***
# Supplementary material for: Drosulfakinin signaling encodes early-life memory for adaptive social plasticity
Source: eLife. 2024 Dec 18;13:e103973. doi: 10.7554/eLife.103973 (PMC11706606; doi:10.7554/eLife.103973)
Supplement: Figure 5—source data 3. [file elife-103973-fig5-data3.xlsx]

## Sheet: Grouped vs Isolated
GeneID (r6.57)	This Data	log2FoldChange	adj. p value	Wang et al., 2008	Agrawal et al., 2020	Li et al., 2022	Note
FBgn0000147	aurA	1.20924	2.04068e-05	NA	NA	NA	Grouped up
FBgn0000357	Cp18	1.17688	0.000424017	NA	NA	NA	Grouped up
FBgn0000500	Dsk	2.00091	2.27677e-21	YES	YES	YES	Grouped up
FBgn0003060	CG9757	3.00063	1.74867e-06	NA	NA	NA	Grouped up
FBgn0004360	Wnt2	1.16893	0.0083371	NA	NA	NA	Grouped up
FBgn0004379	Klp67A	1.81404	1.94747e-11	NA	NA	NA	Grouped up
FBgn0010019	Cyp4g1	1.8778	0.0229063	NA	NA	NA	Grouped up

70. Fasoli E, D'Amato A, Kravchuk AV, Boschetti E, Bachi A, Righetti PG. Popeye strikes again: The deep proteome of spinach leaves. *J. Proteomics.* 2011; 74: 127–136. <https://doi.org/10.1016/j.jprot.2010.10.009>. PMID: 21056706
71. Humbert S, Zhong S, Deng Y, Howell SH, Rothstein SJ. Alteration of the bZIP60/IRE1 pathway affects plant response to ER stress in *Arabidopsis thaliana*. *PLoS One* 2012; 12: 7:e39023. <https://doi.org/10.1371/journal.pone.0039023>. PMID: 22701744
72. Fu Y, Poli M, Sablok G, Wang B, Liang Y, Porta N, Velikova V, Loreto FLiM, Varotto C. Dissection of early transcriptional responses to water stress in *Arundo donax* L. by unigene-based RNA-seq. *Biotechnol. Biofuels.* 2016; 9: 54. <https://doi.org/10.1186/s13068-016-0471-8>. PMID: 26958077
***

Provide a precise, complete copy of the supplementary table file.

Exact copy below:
# Supplementary material for: Drosulfakinin signaling encodes early-life memory for adaptive social plasticity
Source: eLife. 2024 Dec 18;13:e103973. doi: 10.7554/eLife.103973 (PMC11706606; doi:10.7554/eLife.103973)
Supplement: Figure 5—source data 3. [file elife-103973-fig5-data3.xlsx]

## Sheet: Grouped vs Isolated
GeneID (r6.57)	This Data	log2FoldChange	adj. p value	Wang et al., 2008	Agrawal et al., 2020	Li et al., 2022	Note
FBgn0000147	aurA	1.20924	2.04068e-05	NA	NA	NA	Grouped up
FBgn0000357	Cp18	1.17688	0.000424017	NA	NA	NA	Grouped up
FBgn0000500	Dsk	2.00091	2.27677e-21	YES	YES	YES	Grouped up
FBgn0003060	CG9757	3.00063	1.74867e-06	NA	NA	NA	Grouped up
FBgn0004360	Wnt2	1.16893	0.0083371	NA	NA	NA	Grouped up
FBgn0004379	Klp67A	1.81404	1.94747e-11	NA	NA	NA	Grouped up
FBgn0010019	Cyp4g1	1.8778	0.0229063	NA	NA	NA	Grouped up

70. Fasoli E, D'Amato A, Kravchuk AV, Boschetti E, Bachi A, Righetti PG. Popeye strikes again: The deep proteome of spinach leaves. *J. Proteomics.* 2011; 74: 127–136. <https://doi.org/10.1016/j.jprot.2010.10.009>. PMID: 21056706
71. Humbert S, Zhong S, Deng Y, Howell SH, Rothstein SJ. Alteration of the bZIP60/IRE1 pathway affects plant response to ER stress in *Arabidopsis thaliana*. *PLoS One* 2012; 12: 7:e39023. <https://doi.org/10.1371/journal.pone.0039023>. PMID: 22701744
72. Fu Y, Poli M, Sablok G, Wang B, Liang Y, Porta N, Velikova V, Loreto FLiM, Varotto C. Dissection of early transcriptional responses to water stress in *Arundo donax* L. by unigene-based RNA-seq. *Biotechnol. Biofuels.* 2016; 9: 54. <https://doi.org/10.1186/s13068-016-0471-8>. PMID: 26958077